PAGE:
You might re-use, copy, or build upon another person's scholarly work in several ways, and you can also take steps to ensure your work is available for viewing by the widest audience and able to be re-used, copied, or built upon as you choose. Considering these different lenses of activities will help you.
Re-using and sharing materials in the classroom (physical, virtual, or recorded):
Re-using materials in publications and at conferences:
License materials you create to allow re-use:
You can negotiate for the rights you want or need when publishing journal articles.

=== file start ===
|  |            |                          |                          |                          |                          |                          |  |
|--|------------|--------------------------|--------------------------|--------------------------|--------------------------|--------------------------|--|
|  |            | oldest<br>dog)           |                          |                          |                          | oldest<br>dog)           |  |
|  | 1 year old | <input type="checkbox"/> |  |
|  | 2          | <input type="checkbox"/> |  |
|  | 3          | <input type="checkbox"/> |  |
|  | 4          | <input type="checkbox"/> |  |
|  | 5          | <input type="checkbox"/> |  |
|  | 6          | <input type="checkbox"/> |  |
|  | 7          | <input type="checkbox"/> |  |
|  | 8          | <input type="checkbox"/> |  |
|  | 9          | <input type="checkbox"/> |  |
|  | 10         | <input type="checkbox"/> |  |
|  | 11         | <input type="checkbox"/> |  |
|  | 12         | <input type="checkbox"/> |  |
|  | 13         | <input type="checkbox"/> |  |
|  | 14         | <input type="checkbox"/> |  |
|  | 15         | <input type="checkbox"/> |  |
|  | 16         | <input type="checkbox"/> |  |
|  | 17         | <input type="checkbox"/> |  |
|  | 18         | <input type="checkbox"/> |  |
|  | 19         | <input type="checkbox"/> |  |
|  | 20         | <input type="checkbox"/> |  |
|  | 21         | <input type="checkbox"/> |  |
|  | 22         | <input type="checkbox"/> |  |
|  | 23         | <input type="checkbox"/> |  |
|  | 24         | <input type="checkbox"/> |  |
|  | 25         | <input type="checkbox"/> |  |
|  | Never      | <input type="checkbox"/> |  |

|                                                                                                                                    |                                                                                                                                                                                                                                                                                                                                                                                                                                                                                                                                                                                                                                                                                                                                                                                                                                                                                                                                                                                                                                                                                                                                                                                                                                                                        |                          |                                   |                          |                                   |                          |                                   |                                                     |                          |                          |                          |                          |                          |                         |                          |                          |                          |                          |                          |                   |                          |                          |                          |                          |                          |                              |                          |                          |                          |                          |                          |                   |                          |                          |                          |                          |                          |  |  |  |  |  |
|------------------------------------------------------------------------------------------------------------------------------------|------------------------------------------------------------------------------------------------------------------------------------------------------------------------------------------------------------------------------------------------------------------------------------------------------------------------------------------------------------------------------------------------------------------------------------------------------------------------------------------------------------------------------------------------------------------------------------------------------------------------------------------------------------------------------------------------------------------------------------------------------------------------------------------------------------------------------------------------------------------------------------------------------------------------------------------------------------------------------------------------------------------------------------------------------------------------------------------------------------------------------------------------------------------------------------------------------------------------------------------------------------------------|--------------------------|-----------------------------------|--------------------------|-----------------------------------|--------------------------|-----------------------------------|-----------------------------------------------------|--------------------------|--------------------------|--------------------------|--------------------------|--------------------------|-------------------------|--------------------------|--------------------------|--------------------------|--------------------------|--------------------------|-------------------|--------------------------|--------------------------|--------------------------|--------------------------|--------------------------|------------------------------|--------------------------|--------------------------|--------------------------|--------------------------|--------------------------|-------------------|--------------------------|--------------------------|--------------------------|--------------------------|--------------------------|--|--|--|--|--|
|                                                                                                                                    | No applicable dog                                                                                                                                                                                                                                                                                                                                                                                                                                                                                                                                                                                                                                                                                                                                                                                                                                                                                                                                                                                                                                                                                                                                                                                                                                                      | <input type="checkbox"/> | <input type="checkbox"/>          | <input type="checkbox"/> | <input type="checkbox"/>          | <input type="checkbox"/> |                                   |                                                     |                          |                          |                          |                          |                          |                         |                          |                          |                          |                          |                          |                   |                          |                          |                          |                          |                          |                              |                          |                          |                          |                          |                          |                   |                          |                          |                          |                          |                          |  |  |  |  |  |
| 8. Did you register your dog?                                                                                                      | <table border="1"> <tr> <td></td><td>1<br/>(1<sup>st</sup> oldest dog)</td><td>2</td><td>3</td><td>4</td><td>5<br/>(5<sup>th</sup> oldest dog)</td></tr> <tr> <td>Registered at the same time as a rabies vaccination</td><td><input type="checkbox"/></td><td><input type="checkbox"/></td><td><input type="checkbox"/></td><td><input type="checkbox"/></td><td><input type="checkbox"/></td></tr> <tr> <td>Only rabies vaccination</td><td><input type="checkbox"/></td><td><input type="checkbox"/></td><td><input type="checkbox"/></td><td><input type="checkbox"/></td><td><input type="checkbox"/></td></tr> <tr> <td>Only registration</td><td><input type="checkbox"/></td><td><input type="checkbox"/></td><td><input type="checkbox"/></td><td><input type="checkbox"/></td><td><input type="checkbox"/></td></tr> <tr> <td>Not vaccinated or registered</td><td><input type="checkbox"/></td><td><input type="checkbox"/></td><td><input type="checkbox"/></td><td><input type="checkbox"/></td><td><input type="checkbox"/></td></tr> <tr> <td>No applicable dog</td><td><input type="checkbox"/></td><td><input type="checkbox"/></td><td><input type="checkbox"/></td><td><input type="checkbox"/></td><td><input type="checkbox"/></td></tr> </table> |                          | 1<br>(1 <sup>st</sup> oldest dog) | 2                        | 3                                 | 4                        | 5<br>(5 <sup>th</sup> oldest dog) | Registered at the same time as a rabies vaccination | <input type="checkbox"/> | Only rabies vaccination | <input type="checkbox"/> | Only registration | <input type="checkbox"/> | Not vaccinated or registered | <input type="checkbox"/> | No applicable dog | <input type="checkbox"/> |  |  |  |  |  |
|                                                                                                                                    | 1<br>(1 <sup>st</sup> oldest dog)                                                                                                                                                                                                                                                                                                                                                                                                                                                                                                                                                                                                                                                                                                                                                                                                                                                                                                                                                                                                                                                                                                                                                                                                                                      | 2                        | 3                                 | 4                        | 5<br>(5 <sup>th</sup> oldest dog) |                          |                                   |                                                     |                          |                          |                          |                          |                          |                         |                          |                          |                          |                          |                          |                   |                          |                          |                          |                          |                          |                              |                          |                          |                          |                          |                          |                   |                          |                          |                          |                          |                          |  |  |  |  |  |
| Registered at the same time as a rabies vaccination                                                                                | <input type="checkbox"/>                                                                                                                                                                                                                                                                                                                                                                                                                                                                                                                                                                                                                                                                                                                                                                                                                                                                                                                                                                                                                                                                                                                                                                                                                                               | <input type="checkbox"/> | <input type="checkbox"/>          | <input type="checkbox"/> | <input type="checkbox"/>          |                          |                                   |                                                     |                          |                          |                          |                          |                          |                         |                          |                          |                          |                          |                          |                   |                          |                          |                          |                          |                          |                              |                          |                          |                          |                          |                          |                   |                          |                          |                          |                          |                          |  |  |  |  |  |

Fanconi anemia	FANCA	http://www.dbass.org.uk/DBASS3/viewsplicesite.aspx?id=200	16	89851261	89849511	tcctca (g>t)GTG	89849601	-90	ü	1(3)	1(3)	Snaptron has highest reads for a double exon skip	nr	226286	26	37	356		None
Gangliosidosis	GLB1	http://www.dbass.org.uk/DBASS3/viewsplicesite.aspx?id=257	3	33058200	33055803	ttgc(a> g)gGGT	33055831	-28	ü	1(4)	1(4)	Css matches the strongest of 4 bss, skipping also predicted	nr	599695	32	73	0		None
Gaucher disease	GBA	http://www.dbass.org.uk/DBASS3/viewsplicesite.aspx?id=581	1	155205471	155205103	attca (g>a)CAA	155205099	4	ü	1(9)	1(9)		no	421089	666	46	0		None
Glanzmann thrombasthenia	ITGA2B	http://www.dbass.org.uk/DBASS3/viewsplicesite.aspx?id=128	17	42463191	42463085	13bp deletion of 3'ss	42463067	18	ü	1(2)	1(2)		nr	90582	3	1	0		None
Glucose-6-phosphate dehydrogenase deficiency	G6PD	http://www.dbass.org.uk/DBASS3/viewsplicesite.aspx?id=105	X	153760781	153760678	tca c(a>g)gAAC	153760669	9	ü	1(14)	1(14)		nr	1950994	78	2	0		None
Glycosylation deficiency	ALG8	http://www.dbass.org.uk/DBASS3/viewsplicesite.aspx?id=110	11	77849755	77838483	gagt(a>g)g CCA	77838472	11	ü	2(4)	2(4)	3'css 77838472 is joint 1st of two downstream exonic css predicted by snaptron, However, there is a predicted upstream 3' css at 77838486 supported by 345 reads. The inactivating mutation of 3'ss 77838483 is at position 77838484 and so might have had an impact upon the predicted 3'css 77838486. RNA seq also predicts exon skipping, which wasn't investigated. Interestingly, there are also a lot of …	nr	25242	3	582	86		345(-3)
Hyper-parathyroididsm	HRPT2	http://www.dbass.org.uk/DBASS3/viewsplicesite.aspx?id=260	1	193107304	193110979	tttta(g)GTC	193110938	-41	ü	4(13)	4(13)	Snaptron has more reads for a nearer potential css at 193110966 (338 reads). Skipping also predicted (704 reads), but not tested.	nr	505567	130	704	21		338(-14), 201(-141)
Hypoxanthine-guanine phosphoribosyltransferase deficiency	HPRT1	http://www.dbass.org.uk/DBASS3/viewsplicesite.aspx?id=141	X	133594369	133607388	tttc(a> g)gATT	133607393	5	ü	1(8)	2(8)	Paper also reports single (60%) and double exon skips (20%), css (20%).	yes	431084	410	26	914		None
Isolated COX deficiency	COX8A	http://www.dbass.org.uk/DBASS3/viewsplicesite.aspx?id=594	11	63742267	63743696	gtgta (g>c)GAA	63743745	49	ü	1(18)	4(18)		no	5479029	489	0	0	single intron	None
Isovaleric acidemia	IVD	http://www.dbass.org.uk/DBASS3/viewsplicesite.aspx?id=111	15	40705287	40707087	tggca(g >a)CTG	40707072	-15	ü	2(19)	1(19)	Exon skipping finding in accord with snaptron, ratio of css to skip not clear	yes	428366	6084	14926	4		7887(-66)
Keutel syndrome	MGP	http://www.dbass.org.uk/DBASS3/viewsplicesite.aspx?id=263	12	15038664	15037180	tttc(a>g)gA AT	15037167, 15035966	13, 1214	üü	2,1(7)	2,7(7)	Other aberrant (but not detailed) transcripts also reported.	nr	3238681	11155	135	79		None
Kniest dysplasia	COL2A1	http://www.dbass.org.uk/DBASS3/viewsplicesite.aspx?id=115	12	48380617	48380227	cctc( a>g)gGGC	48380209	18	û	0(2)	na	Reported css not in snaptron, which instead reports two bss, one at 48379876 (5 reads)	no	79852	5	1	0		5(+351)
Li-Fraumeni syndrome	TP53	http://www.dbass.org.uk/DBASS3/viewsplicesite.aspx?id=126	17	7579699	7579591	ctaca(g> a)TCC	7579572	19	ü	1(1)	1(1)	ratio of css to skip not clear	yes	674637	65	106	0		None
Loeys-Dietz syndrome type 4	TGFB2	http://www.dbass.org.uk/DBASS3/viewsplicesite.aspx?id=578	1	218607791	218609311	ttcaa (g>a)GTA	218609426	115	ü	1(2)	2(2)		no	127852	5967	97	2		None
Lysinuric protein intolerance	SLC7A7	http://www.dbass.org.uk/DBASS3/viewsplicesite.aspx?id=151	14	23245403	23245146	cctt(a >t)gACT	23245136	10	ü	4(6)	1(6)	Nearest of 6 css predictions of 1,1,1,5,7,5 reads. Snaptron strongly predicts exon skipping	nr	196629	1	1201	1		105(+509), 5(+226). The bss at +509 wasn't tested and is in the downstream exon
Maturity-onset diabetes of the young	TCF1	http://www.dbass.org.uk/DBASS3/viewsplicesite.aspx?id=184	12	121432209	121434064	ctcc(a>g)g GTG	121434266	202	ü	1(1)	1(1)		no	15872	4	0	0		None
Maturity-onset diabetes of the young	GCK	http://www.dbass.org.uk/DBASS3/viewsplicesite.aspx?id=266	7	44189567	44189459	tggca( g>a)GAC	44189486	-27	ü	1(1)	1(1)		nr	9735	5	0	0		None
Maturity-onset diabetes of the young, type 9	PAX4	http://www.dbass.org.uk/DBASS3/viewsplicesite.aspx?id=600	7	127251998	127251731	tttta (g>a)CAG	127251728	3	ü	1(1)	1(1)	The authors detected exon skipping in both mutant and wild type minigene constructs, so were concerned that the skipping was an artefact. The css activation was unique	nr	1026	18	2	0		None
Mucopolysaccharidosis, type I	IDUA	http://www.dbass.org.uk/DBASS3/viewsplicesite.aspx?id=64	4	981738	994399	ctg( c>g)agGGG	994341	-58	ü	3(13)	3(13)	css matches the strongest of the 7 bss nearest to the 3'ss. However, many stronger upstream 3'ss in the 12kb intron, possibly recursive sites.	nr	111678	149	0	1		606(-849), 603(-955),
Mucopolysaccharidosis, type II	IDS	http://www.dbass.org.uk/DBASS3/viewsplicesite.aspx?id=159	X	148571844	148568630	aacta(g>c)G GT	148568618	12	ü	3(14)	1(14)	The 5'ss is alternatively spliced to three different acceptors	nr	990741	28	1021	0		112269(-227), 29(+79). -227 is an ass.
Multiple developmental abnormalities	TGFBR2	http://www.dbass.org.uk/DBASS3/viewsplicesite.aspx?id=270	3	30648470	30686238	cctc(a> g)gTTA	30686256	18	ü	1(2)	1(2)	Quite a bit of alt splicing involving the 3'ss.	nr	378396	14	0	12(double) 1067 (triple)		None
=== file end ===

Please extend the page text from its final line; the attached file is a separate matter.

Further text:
Authors typically sign a copyright transfer form or copyright agreement form when submitting an article. These commonly prohibit you from activities you might want or need to do: depositing copies of the article into repositories like PubMed Central; sending copies to colleagues; sharing a copy on your own website; re-using images or substantial parts of the text in any other publications or presentations. Open Access publishing schemes typically allow authors to retain more rights relating to deposit, sharing, and re-use.
You can negotiate the copyright agreement form with the publisher to retain the rights you want to keep. If the funder of your research requires you to comply with Public Access Mandates to deposit your publications into a repository, you MUST negotiate with publishers to ensure you have the right to do this. One way to start this negotiation is to provide a addendum to the publisher-provided copyright form.